Ms. Lima stated that she hasn’t received more information about the Master Plan and where the Village is with the construction of the garage and she thinks that the public is looking for a status. She added that she saw a lot of good communications about paving of roads; however, she thinks that there is still some paving of lots that people in the Central Business District are still asking about. There is so much going on, as a resident thinking about $60 million for a budget, $12 million for a garage, and the Library, all of a sudden it is a lot for everyone and that is probably part of the passion that is fueling it. Ms. Lima stated that this all has to be looked at more holistically.

Ms. Lima stated that regarding safety, there is a lot of feedback on local streets that people are still going through stop signs, speeding really fast, and where and when can speed protection be added. She asked how things can be done about the speeding, as today a tractor trailer at the corner of Northern Parkway and Linwood Avenue almost swerved to hit a pedestrian as it was speeding.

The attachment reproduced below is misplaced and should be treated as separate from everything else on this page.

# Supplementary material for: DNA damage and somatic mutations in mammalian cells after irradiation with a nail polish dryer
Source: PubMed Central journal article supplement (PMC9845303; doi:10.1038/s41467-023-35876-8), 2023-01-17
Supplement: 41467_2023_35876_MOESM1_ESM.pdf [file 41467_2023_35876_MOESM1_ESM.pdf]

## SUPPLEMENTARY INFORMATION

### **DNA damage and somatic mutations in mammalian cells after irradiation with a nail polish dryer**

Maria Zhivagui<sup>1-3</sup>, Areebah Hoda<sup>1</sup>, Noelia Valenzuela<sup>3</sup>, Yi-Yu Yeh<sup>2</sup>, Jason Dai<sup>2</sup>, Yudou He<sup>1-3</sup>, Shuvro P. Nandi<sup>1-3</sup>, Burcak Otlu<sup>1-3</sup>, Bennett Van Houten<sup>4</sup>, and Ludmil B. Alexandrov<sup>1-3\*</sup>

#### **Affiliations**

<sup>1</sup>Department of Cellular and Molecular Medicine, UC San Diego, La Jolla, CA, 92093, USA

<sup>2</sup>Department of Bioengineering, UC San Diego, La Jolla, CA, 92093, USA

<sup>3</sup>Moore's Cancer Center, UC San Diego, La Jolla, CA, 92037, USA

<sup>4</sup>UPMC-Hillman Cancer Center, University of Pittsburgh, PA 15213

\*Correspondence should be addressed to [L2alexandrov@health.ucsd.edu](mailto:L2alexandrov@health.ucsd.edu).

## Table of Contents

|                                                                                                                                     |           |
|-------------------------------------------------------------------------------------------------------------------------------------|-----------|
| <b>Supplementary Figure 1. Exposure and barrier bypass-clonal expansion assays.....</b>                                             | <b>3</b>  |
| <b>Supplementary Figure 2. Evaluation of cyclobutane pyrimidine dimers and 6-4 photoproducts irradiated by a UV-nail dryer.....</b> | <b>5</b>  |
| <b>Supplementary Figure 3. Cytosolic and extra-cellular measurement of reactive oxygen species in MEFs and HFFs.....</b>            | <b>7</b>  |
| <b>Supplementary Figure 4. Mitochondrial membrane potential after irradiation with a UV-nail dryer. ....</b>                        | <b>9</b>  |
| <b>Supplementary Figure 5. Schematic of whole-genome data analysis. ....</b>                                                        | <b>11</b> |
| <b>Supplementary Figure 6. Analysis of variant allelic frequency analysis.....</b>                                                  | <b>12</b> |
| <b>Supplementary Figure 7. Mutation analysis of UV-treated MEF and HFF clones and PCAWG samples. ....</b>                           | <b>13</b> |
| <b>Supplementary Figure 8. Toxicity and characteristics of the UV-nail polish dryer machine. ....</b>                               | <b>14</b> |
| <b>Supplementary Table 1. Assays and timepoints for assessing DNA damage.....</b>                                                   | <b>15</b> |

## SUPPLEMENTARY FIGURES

Elle Gruber, 229 South Irving Street, stated that she was a big supporter of voting of any kind, and for money to be a concern when it comes to the right to vote, she doesn’t think it is the right way to look at it. As far as the Primary is concerned, she would like to know if the political parties would be willing to give up the Primary because it costs too much money, she doesn’t think so as it is a party primary and that is how the parties determine who their candidates are.